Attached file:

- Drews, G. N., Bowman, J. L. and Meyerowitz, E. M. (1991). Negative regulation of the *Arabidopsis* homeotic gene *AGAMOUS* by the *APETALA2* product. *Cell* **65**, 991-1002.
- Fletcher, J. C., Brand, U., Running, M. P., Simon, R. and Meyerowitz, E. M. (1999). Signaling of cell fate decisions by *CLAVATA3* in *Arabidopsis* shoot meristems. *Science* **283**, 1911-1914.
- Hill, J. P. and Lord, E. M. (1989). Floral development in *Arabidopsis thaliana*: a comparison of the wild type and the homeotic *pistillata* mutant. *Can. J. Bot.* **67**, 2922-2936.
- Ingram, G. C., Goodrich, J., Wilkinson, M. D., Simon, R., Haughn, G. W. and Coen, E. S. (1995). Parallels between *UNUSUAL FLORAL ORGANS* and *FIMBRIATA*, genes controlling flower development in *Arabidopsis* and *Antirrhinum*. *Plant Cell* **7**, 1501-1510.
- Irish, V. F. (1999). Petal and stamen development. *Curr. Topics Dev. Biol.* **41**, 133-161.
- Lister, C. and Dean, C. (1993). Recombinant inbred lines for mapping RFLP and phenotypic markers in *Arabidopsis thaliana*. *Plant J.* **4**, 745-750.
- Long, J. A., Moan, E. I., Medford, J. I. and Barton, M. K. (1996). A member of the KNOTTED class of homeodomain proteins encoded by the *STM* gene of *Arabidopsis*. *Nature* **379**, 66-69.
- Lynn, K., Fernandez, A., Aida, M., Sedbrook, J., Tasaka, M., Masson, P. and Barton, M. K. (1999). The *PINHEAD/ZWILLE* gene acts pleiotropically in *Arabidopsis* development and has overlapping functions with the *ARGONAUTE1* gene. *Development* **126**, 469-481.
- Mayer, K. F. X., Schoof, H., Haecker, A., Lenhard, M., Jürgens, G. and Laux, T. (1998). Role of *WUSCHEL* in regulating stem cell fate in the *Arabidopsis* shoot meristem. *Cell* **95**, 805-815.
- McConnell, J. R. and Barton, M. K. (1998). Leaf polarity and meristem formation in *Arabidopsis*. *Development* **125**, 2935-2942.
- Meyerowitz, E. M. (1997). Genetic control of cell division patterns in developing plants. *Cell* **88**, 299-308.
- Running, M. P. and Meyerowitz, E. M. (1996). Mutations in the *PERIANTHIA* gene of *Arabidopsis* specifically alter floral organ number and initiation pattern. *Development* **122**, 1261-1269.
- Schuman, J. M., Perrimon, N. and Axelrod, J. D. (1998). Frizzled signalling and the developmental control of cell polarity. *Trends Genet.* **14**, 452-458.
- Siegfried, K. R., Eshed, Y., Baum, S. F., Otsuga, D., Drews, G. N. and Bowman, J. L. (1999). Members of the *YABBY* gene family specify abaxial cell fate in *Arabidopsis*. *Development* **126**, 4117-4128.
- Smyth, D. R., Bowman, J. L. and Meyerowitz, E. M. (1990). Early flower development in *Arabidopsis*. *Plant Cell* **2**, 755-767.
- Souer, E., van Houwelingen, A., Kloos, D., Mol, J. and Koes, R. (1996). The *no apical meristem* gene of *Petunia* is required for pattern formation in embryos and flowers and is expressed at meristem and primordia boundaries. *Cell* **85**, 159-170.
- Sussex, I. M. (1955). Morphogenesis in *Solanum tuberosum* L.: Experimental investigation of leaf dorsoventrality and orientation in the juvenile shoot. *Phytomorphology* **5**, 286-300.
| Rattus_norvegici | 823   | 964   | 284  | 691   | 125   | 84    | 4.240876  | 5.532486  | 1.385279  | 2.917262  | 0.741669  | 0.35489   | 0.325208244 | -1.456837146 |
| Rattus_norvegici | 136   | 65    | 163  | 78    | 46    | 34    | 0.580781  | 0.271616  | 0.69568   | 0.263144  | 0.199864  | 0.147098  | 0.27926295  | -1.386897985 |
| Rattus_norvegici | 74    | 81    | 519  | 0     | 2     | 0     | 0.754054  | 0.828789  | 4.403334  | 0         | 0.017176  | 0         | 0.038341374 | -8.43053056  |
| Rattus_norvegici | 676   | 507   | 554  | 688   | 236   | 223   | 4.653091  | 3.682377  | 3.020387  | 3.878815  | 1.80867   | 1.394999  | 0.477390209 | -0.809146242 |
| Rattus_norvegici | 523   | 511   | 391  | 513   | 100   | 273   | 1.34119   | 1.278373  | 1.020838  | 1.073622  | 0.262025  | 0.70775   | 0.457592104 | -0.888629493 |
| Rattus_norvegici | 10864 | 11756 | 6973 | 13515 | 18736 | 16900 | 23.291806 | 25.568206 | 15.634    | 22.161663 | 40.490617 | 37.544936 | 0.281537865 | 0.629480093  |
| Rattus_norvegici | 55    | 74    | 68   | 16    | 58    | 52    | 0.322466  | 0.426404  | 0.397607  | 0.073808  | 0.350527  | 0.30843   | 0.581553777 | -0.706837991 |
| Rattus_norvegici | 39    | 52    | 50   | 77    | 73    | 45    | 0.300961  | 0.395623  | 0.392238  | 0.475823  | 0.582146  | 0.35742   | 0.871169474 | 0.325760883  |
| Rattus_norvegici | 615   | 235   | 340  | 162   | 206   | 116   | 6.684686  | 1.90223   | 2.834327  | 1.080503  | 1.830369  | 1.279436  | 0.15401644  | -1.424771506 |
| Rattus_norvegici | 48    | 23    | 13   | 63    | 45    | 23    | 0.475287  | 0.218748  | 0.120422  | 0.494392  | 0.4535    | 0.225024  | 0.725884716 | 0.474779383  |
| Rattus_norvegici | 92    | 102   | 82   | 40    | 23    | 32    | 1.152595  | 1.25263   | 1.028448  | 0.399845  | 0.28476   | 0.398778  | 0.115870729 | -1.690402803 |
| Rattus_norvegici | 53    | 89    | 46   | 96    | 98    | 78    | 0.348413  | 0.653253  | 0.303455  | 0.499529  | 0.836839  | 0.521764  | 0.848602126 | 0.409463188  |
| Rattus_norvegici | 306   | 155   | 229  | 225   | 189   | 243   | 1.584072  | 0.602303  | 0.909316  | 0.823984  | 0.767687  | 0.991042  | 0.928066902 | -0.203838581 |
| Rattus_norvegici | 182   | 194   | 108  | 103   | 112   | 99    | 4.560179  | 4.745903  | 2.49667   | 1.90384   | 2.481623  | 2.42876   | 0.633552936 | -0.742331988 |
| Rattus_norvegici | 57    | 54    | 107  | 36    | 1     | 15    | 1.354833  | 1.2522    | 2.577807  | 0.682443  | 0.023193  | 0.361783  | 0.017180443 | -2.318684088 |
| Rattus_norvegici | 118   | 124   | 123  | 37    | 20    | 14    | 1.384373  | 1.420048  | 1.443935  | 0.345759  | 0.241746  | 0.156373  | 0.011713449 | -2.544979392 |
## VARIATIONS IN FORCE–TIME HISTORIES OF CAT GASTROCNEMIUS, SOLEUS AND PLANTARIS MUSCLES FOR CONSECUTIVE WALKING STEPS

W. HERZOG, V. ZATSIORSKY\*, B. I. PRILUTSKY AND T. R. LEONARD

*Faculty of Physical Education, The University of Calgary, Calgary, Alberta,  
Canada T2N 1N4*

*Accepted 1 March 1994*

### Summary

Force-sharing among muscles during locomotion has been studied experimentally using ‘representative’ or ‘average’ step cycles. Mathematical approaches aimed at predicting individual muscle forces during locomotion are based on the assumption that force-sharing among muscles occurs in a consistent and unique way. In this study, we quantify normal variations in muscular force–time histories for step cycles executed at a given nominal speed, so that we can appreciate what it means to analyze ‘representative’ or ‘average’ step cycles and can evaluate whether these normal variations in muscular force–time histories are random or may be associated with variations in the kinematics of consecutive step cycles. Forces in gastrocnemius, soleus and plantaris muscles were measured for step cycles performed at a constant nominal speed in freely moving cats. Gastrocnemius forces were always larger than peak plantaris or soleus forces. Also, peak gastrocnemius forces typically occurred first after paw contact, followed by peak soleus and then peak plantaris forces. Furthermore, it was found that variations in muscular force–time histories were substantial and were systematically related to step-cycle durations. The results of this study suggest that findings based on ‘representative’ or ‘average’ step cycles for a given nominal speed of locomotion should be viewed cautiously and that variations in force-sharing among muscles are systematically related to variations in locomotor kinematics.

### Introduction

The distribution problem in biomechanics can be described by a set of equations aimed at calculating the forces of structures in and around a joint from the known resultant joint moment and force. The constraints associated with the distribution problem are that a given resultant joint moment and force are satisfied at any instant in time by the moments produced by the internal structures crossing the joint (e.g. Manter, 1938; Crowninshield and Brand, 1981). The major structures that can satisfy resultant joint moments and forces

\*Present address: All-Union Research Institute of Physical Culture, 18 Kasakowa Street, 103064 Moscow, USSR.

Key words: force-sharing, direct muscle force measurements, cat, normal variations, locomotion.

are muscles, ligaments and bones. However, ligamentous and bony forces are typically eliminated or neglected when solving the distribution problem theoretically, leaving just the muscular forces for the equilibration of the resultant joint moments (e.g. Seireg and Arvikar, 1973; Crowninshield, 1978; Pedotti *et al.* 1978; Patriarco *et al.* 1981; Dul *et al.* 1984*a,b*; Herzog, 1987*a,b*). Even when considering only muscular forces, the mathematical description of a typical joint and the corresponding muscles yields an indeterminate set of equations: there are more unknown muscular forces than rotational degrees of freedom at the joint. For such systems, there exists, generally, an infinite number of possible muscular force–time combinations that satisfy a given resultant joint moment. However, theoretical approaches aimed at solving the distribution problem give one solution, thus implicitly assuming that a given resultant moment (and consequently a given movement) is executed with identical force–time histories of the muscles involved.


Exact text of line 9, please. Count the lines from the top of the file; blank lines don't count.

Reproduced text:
- Mayer, K. F. X., Schoof, H., Haecker, A., Lenhard, M., Jürgens, G. and Laux, T. (1998). Role of *WUSCHEL* in regulating stem cell fate in the *Arabidopsis* shoot meristem. *Cell* **95**, 805-815.